My parents (mainly my mother) were willing to pay for my trip to China for two reasons. First, my mother comes from China and does not know any English. She would probably like to have a daughter-in-law who does not speak English either. A chicken gets along with chickens and a duck gets along with ducks. A duck would like to have a few more ducks around to keep her company: that is understandable. Second, my mother thinks that American-born women would not respect her authority or obey her. My brothers all married American-born women, so she has never had a chance to enjoy the power and prestige of a mother-in-law. That is the sorrow of her life. I am the youngest. If my laopo is also a chicken instead of a duck, she will not be able to find peace even after she dies. (4) After his wife arrived in San Francisco, Lao Heng realized that what his mother wanted was not a good wife for him but a companion for herself. On one occasion he planned to go to see a movie with his wife, but his mother took her to meet friends instead. Lao Heng could not change his mother, but he would not let the old woman control his own family. The two women did not get along well under the same roof in any case, so Lao Heng found a job in Oakland and the couple moved out of his parents' house despite his mother's protest. He hoped that he would be able to exert more influence on his wife and eventually make her his own companion. (5)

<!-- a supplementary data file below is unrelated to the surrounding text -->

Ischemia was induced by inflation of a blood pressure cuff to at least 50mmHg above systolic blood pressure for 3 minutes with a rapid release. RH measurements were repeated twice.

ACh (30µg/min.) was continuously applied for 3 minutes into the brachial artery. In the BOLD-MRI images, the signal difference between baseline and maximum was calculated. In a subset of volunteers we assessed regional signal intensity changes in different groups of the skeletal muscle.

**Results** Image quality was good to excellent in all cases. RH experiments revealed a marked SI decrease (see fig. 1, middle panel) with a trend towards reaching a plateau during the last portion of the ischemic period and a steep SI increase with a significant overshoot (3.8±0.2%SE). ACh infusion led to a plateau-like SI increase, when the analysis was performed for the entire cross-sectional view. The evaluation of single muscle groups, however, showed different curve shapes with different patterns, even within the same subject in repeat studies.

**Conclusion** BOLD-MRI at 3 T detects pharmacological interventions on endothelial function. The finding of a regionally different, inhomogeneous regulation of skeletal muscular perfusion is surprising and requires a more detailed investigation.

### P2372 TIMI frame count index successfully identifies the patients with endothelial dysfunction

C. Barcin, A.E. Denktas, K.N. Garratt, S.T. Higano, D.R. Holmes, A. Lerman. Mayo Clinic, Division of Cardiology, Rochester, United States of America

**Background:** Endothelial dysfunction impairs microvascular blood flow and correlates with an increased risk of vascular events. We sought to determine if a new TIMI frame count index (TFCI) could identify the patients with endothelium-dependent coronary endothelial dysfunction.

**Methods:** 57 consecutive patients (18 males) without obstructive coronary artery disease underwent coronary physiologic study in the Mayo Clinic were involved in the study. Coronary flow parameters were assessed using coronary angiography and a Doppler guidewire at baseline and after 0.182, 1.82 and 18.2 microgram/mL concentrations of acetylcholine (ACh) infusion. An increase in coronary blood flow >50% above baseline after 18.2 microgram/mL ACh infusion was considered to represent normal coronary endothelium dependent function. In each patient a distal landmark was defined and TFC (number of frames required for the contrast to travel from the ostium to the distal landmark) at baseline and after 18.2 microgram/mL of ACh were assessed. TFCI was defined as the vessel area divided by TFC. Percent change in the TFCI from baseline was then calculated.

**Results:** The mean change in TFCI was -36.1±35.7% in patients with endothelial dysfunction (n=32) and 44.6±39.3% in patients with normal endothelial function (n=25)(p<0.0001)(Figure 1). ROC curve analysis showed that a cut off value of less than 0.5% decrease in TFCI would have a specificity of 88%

Yet Lao Heng found himself losing the competition with his mother for his wife's affection. His wife was not looking for his emotional support, and she made no effort to become like an American. Instead, she became closer to his mother: